Watch Out For Used Car Salesmen Masquerading As CEOs

| January 14, 2010 | 0 Comments

“It sounds to me a little bit like selling a car with faulty brakes, and then buying an insurance policy on the buyer of those cars.”  That’s how Phil Angelides, Chairman of the Financial Crisis Inquiry Commission, characterized the behavior of Wall Street’s biggest banks.

In case you missed it, the Commission held its first hearings yesterday into how the banks’ conduct led to last year’s near meltdown of the financial system.  Mr. Angelides didn’t pull any punches when he compared these “Masters of the Universe” to used car salesmen.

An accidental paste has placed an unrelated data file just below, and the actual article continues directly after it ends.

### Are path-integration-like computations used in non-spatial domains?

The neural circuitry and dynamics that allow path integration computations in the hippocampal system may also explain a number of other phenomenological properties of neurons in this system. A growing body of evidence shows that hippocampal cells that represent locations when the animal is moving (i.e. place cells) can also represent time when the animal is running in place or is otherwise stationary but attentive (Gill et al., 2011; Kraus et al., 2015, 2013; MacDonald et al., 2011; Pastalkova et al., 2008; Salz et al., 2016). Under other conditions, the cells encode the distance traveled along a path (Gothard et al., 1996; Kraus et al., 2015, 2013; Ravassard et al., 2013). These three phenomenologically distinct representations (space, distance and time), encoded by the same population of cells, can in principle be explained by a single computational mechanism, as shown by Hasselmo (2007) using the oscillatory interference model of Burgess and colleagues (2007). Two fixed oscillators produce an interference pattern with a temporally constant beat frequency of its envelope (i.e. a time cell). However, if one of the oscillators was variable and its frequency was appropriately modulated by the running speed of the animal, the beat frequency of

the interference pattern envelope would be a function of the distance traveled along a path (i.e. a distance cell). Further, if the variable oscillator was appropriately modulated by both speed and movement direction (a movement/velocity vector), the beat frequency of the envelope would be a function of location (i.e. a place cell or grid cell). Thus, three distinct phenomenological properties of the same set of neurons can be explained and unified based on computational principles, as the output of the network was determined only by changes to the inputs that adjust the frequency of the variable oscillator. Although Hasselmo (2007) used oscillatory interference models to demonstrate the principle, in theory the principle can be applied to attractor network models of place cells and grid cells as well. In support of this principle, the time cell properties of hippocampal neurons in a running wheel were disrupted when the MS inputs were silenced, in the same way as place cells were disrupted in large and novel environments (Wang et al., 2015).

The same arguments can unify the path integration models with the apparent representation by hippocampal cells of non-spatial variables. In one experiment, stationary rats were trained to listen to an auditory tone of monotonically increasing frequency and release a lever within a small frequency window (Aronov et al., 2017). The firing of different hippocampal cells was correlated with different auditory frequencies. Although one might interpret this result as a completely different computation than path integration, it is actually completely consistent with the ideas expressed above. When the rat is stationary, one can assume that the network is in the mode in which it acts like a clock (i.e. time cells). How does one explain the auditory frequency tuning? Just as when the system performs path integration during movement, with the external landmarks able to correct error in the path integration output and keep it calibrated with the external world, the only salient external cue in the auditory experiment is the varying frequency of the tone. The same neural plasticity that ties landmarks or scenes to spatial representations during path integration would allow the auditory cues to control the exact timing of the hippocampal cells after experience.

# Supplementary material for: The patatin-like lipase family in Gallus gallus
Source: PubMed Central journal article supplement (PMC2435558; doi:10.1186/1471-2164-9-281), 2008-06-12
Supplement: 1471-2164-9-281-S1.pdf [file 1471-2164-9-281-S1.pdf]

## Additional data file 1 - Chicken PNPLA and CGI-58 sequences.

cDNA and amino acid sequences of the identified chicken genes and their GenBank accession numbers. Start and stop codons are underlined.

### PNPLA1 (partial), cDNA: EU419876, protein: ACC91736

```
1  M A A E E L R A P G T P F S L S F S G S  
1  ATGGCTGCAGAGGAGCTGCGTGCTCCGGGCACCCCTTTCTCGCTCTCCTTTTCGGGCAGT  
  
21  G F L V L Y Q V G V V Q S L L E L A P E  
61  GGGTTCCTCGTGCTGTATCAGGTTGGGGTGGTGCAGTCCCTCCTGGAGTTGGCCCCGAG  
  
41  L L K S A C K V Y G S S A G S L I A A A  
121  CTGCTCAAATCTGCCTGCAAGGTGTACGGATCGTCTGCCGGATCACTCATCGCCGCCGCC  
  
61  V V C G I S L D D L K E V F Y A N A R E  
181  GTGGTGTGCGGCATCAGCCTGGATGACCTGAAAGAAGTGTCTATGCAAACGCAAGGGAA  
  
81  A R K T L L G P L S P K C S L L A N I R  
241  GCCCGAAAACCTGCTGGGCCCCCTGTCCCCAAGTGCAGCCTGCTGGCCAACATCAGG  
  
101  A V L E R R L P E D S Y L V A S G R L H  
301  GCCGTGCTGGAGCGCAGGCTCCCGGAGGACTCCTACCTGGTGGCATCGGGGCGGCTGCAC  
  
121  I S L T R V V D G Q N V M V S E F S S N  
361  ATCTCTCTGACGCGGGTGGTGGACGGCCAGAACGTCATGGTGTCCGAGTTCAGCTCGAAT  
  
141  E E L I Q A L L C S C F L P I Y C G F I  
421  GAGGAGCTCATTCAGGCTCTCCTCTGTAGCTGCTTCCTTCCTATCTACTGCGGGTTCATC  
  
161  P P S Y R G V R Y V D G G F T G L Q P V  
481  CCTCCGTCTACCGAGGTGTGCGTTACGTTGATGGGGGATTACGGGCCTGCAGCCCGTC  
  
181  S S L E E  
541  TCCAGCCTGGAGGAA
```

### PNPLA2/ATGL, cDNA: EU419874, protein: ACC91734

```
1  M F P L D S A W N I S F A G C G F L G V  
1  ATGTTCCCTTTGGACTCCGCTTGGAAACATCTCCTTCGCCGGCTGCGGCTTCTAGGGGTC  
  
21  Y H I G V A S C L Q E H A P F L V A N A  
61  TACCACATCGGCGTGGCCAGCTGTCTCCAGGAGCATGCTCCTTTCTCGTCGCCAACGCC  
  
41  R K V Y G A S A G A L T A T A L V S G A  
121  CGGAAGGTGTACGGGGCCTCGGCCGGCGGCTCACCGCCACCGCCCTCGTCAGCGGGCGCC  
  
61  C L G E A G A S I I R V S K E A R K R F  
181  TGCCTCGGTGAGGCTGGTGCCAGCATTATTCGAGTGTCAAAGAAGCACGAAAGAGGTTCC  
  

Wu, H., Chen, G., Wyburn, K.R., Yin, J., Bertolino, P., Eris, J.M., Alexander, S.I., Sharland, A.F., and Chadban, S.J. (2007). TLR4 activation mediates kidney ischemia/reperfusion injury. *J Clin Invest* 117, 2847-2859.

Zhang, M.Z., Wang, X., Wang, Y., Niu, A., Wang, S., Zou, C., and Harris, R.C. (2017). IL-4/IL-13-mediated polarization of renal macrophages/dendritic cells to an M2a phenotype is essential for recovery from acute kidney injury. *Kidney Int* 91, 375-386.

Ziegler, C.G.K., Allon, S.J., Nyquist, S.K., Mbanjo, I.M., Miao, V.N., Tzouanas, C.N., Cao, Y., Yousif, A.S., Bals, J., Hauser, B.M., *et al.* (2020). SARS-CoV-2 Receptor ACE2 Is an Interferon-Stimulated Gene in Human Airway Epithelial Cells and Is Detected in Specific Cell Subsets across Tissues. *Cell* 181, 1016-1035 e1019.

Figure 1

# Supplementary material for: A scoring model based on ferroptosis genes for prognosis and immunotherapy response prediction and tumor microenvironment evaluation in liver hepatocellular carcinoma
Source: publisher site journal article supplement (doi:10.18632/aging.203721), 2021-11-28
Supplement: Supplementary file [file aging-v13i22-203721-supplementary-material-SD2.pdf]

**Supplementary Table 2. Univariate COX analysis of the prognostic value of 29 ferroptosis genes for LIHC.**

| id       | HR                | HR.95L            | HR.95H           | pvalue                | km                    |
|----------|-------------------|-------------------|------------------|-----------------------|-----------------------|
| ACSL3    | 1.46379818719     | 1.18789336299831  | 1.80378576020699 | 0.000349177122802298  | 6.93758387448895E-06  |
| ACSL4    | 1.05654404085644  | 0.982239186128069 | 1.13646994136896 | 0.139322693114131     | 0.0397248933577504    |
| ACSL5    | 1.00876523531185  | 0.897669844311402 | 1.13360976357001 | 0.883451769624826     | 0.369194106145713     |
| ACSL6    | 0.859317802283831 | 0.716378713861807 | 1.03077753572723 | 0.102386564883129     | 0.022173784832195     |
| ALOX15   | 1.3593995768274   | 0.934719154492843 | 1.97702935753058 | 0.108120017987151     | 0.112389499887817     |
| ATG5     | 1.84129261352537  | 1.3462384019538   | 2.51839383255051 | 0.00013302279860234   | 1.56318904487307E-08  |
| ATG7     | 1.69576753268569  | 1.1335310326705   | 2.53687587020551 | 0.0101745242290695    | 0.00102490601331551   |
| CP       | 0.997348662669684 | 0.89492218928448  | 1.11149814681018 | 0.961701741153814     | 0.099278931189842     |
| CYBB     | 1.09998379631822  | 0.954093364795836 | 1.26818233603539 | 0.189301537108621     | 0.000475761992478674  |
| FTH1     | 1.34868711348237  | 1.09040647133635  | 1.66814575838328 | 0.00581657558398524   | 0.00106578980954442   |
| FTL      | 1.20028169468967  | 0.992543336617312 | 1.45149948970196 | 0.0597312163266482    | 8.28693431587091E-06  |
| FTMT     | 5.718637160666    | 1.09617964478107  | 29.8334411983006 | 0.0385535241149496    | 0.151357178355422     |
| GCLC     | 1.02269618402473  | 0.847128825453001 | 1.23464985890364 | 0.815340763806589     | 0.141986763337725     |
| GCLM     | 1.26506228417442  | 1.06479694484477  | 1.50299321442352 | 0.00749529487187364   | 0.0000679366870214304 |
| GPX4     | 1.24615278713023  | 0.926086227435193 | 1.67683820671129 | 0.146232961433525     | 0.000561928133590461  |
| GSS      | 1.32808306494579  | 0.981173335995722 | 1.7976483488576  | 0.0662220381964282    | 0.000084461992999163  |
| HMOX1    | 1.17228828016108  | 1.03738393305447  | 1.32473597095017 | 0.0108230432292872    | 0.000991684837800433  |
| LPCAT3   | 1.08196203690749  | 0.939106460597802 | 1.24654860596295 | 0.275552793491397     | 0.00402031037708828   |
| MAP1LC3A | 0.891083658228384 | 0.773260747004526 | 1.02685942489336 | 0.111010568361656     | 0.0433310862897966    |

That comment and another one by Mr. Angelides got me thinking.  Both of them address something every investor needs to take to heart.

He said, “I am troubled by the inability [of bank CEOs] to take responsibility because I think it’s fundamental.”

I bet you’re nodding your head in agreement.  It’s such a simple truism.  When you make a mistake that hurts someone else, you ought to acknowledge what you did was wrong and take responsibility for your actions.

That’s one sign of good management…

One of my favorite quotes by Warren Buffett sums it up perfectly…

In evaluating people, you look for three qualities:  integrity, intelligence, and energy.  And, if you don’t have the first, the other two will kill you.

But, how can we as small-fry investors tell if management’s honest?

We don’t know these people.  We don’t have an opportunity to look them in the eye and talk to them directly.  How can we really size up someone’s character if we can’t interact with them in person?